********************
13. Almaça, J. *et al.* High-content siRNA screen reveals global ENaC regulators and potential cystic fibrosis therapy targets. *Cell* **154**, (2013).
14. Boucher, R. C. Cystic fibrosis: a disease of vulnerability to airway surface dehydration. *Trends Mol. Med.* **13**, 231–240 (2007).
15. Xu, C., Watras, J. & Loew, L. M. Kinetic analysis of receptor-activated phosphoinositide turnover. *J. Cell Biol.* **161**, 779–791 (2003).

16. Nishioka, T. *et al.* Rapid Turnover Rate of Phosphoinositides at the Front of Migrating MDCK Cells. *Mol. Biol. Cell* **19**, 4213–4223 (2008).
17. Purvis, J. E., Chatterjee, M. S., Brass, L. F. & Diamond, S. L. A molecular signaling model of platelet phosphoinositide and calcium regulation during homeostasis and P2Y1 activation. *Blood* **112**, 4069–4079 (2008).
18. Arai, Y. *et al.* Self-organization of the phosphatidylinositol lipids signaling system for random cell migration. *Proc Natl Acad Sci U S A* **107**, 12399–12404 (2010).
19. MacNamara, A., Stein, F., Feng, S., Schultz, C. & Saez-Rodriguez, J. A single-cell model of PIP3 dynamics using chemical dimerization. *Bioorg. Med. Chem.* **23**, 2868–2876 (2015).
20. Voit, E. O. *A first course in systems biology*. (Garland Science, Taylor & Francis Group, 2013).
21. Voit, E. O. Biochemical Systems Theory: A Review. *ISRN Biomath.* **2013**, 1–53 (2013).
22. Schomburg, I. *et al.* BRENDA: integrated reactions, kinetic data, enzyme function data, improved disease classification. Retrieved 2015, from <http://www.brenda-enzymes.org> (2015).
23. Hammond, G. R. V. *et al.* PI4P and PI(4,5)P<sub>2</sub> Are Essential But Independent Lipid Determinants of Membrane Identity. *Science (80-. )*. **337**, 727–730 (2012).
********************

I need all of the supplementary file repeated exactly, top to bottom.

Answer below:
13. Almaça, J. *et al.* High-content siRNA screen reveals global ENaC regulators and potential cystic fibrosis therapy targets. *Cell* **154**, (2013).
14. Boucher, R. C. Cystic fibrosis: a disease of vulnerability to airway surface dehydration. *Trends Mol. Med.* **13**, 231–240 (2007).
15. Xu, C., Watras, J. & Loew, L. M. Kinetic analysis of receptor-activated phosphoinositide turnover. *J. Cell Biol.* **161**, 779–791 (2003).

16. Nishioka, T. *et al.* Rapid Turnover Rate of Phosphoinositides at the Front of Migrating MDCK Cells. *Mol. Biol. Cell* **19**, 4213–4223 (2008).
17. Purvis, J. E., Chatterjee, M. S., Brass, L. F. & Diamond, S. L. A molecular signaling model of platelet phosphoinositide and calcium regulation during homeostasis and P2Y1 activation. *Blood* **112**, 4069–4079 (2008).
18. Arai, Y. *et al.* Self-organization of the phosphatidylinositol lipids signaling system for random cell migration. *Proc Natl Acad Sci U S A* **107**, 12399–12404 (2010).
19. MacNamara, A., Stein, F., Feng, S., Schultz, C. & Saez-Rodriguez, J. A single-cell model of PIP3 dynamics using chemical dimerization. *Bioorg. Med. Chem.* **23**, 2868–2876 (2015).
20. Voit, E. O. *A first course in systems biology*. (Garland Science, Taylor & Francis Group, 2013).
21. Voit, E. O. Biochemical Systems Theory: A Review. *ISRN Biomath.* **2013**, 1–53 (2013).
22. Schomburg, I. *et al.* BRENDA: integrated reactions, kinetic data, enzyme function data, improved disease classification. Retrieved 2015, from <http://www.brenda-enzymes.org> (2015).
23. Hammond, G. R. V. *et al.* PI4P and PI(4,5)P<sub>2</sub> Are Essential But Independent Lipid Determinants of Membrane Identity. *Science (80-. )*. **337**, 727–730 (2012).